Many movies have tried to offer commentary on the Iraq war and have failed tremendously at the box office. From Paul Haggis’ In the Valley of Elah and the Reese Witherspoon vehicle Rendition, these movies have struggled to find an audience. It may be fatigue, not wanting to “escape” by watching such movies, or it may be simply a matter of not wanting to be lectured to. So hopes were not high for American Son.
Coming home to life in Bakersfield after coming back from Camp Pendleton and Marine boot camp, 19 year old Mike Holland (Nick Cannon) re-examines his life and relationships. To be honest, the idea of Nick Cannon in a serious role might be cause for skepticism (although he has really grown on me since becoming the host of America’s Got Talent. Yeah, I said it.). Armed with a powerful, honest screenplay by first-timer Eric Schmid, he exudes a confident charm and a sly humor.
“Live it up, my man. It’s all gone so fast.” –Dad (Chi McBride)
American Son explores the familiar territory of how we can’t go home again (even apparently after a few months … if nothing has changed but you have), dealing with family and the possibility of a new relationship, on the eve of being shipped off to war. The reality of his mortality driven home by this fact, Mike looks at his life in a new way. Grasping on to what is important while clinging to his responsibilities and duties.
“Tell you the truth, I’d much rather be over there facing that shit than wasting away life everybody else.” –Mike
With 96 hours until he ships out, regular inter-titles count down the hours until his departure, he has to come to terms with his life. He wanted to test himself and seek out new opportunities, but he still has to deal with the realities of his life: his younger sister (Erica Gluck) who idolizes him, his religious mother (April Grace), his drug addict brother, his stoic-to-the-point-of-stone stepdad (Tom Sizemore), and his brief reunion with his estranged father (a steller, yet understated, performance by Chi McBride).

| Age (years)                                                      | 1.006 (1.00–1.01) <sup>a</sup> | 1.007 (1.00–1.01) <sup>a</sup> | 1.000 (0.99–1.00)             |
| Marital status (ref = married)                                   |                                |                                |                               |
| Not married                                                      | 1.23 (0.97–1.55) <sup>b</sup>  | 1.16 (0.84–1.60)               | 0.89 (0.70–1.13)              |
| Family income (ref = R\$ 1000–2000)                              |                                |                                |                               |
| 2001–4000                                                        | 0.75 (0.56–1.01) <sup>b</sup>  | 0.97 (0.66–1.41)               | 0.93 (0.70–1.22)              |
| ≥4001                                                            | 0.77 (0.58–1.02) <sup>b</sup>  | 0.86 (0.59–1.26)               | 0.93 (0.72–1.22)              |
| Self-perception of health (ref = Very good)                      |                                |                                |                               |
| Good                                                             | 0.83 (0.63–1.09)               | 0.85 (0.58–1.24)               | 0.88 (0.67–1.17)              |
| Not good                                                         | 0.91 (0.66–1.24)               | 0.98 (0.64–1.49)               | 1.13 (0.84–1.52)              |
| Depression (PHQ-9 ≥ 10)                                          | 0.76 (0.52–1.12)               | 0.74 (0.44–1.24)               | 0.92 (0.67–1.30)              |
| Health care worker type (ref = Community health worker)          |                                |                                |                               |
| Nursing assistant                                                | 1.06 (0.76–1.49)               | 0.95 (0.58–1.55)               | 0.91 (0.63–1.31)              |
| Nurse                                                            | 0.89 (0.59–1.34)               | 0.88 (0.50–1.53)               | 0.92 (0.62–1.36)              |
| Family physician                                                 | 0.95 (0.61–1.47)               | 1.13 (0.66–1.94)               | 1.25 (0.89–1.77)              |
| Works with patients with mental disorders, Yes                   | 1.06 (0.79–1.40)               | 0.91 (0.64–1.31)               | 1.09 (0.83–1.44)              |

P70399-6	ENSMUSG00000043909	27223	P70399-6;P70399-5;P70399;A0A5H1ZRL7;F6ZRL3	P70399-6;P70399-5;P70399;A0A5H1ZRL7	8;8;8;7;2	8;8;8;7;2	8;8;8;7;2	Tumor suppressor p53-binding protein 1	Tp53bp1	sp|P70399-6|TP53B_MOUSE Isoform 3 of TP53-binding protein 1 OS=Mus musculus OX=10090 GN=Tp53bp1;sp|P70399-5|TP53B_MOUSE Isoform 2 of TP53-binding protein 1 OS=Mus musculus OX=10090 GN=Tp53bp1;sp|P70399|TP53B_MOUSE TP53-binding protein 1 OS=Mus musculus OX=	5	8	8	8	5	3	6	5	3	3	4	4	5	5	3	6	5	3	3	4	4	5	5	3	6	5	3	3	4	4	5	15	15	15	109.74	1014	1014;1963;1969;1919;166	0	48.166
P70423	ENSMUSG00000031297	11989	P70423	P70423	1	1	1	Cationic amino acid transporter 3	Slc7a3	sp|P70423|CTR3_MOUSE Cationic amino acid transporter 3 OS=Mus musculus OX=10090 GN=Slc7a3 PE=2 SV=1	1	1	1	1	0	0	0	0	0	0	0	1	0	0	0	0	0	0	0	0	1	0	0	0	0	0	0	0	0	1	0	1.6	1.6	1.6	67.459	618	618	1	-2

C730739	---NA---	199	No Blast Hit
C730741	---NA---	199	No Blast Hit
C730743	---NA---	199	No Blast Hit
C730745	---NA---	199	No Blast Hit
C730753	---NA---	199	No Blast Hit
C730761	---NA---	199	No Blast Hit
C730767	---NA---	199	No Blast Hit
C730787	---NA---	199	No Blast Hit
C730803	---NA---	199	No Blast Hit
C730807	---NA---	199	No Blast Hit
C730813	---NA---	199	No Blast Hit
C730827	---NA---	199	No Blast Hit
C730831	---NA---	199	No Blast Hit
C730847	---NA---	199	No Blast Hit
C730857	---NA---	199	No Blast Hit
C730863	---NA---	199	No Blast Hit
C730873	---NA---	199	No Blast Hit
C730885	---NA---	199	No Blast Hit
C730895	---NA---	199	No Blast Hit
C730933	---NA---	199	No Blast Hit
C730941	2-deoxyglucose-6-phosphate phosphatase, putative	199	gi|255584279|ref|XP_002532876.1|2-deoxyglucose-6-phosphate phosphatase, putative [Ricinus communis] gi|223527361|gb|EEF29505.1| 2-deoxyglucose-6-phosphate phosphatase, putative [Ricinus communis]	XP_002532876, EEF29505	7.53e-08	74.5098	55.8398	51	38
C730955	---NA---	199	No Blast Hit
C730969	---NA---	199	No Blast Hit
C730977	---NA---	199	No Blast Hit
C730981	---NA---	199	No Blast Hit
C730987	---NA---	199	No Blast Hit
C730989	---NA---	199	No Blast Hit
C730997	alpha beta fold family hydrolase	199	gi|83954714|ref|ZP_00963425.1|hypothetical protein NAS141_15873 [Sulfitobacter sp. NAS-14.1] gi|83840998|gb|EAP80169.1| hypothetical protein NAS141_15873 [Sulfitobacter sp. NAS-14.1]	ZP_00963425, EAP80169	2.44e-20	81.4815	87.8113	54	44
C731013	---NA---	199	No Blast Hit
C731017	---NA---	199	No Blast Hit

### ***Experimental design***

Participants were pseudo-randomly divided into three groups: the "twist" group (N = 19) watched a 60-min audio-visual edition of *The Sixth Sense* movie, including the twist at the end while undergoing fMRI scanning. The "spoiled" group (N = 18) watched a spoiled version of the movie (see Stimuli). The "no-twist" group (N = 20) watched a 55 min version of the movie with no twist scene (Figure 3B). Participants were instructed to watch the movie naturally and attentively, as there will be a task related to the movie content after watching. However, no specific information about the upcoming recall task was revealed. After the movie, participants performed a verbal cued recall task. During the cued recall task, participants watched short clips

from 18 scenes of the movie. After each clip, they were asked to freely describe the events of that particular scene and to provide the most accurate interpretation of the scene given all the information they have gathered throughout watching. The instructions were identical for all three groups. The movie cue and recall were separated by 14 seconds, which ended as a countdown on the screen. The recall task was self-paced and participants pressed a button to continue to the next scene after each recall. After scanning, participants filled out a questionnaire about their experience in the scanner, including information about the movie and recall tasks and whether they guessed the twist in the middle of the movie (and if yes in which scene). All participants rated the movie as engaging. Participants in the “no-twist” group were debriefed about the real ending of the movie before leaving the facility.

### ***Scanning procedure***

Subtle commentary on race … by not commenting on race. Our lead hero is black, his best friend Jake (Matt O’Leary) is white, and his girlfriend Cristina (Melonie Diaz) is Hispanic. The movie proceeds as if that’s the norm/not unusual and respects its audience enough to not feel the need to point it out. It gets its point across through performances, like the polite distrust of Cristina’s family when they first meet Mike.
“Why does it have to be you?” –Mom
No one wants him to go off to war. They want him to stay safe, with them. Mike’s mother knows all she can do is pray for her son. We have a natural sense of God as our protector and desire to seek His protection. We want His protection, especially in light of the fact that we can’t protect one another. When bad things happen, it’s like we long for God to step in, in a more direct way, and control things. We don’t ask such things when things are going “okay” (or as we’re making our own bad decisions). It’s like we want a “sovereign” God when it’s convenient.
We can live in a state of freedom in life, having a state of peace, faith, and confidence stemming from the assurance that we have in Christ Jesus. OR, we can continue on our own way, left to our own devices, with fear, doubt, and insecurity, trapped in a cycle of spiritual death. This assurance springs from faith in God as the ultimate protector, that sense that He is the ultimate, faithful judge.
“Whatever you’re doing, where do you think it’s going to take you?” –Mike
American Son makes for a mildly compelling, though wholly melodramatic, movie. While a personal movie looking at the life of a soldier about to be shipped off to Iraq, it has its share of dropped and unresolved storylines which didn’t make for the most satisfying of endings. Well-acted and without a political dimension, this movie is just a portrait of a man off to war: somebody’s son, somebody’s brother, somebody’s friend, somebody’s boyfriend. So maybe it can find its audience on DVD.